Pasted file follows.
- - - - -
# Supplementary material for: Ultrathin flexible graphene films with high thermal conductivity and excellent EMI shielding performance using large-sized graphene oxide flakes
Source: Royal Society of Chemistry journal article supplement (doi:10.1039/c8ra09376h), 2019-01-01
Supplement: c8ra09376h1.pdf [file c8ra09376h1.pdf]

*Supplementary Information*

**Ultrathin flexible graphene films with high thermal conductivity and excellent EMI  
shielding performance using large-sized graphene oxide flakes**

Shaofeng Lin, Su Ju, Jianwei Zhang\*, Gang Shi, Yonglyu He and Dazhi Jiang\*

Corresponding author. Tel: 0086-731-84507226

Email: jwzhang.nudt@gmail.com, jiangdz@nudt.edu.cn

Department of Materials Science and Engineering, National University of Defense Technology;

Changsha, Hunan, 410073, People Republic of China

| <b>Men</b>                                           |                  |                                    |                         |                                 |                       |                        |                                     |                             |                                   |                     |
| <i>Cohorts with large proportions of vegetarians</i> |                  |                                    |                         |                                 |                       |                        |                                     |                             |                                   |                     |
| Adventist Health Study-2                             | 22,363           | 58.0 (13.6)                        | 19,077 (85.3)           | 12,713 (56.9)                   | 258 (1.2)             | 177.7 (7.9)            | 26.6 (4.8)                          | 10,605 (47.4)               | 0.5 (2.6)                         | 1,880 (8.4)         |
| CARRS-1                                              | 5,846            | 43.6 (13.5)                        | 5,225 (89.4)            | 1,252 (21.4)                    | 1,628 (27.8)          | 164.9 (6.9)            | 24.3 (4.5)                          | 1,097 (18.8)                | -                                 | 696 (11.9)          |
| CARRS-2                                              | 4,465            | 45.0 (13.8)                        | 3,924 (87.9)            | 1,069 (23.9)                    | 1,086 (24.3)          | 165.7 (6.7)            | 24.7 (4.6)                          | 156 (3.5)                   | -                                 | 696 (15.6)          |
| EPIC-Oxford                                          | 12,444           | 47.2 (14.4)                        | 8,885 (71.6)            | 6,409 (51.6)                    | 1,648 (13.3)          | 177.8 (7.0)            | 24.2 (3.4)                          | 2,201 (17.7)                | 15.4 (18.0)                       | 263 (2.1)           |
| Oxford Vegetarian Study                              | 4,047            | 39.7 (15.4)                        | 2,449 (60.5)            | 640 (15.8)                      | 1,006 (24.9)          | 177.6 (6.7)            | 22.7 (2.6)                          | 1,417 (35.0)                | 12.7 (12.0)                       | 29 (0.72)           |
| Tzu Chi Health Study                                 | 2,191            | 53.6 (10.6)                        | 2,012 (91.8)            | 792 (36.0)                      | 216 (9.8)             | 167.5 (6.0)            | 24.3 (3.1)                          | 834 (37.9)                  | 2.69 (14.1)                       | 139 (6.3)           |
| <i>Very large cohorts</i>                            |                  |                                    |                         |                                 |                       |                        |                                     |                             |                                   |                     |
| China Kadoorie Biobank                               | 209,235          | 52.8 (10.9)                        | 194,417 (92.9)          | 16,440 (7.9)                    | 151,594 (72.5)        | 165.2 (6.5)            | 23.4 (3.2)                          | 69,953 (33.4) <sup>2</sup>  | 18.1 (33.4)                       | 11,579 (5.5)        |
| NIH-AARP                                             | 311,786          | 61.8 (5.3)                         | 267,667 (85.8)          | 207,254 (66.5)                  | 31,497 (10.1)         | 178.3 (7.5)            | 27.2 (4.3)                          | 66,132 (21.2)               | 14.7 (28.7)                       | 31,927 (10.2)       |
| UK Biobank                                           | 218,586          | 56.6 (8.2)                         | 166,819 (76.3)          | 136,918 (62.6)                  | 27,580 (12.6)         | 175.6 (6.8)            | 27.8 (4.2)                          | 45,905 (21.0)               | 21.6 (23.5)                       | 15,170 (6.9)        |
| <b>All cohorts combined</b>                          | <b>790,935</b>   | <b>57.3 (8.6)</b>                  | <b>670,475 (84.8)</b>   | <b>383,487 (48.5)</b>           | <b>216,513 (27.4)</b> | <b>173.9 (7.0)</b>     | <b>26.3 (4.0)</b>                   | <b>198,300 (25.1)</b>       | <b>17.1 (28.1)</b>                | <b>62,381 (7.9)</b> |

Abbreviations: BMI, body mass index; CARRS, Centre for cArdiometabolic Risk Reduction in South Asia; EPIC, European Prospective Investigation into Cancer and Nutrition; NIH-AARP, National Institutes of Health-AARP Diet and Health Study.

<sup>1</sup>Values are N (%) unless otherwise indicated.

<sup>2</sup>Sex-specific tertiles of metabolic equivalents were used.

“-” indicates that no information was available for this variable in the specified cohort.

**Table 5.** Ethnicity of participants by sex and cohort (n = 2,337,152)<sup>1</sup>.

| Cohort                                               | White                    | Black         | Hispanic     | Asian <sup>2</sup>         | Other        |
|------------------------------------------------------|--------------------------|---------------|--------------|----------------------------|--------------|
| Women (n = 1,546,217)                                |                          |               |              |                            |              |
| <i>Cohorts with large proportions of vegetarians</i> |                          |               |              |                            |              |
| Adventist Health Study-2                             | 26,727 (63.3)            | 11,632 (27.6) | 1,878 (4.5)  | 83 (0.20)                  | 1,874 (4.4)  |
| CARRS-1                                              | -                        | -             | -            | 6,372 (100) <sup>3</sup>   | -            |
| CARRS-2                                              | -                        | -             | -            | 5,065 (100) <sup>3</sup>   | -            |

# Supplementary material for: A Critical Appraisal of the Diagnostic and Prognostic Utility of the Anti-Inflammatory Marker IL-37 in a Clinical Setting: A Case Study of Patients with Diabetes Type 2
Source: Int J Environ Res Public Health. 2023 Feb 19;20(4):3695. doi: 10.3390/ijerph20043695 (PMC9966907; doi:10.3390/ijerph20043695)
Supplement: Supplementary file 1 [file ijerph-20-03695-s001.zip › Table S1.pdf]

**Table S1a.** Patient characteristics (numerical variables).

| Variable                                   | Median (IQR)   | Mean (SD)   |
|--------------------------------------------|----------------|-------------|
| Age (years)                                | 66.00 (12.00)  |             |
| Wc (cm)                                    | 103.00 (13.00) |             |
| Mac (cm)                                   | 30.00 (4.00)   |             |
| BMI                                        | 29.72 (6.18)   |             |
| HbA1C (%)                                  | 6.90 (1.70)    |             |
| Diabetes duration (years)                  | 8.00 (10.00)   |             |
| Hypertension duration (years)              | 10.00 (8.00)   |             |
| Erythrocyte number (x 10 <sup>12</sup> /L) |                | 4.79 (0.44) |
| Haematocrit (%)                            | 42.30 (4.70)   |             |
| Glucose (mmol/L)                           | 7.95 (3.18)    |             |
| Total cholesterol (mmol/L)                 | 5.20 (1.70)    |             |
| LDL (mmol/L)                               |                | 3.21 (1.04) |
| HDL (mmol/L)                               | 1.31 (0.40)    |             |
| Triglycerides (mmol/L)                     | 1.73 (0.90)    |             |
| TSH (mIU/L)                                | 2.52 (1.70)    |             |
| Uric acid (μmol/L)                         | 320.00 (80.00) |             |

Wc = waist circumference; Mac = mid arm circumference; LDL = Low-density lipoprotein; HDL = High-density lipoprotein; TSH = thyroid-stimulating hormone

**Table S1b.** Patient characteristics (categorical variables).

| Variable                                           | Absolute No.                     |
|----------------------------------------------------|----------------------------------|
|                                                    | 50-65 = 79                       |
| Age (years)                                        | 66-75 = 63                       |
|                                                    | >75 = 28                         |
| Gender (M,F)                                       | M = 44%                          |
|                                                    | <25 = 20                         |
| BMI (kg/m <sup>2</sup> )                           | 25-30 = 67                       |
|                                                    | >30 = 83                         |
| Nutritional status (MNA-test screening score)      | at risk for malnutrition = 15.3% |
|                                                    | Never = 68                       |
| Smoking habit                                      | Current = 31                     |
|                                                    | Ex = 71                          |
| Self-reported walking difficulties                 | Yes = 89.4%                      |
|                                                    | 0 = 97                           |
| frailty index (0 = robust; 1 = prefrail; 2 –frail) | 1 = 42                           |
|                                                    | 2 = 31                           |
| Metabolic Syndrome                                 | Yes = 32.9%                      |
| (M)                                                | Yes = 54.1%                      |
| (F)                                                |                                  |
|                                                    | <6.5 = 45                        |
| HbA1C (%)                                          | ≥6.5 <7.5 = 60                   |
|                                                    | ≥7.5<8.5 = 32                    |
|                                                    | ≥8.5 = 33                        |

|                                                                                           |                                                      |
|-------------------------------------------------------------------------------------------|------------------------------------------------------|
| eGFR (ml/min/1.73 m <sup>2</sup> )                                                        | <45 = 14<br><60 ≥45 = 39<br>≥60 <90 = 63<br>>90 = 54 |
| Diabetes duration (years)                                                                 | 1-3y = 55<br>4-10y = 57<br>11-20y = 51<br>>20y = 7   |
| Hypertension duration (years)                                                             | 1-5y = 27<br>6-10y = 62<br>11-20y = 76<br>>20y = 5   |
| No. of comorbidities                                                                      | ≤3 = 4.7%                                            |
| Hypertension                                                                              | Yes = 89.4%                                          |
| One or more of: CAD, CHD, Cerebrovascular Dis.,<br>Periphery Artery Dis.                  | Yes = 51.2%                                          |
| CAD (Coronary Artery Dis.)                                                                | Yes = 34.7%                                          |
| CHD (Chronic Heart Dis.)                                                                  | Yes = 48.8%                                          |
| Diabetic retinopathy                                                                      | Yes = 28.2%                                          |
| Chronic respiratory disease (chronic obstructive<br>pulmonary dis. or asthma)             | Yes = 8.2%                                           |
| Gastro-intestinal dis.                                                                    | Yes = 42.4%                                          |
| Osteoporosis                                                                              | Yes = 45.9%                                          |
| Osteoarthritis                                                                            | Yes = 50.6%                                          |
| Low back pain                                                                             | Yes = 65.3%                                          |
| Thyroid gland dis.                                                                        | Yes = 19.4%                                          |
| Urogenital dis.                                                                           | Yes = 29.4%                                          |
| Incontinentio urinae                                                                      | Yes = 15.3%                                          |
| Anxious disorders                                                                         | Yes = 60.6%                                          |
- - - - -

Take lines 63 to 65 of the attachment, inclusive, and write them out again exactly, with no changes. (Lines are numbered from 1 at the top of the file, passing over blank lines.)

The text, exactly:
|                                                    | 50-65 = 79                       |
| Age (years)                                        | 66-75 = 63                       |
|                                                    | >75 = 28                         |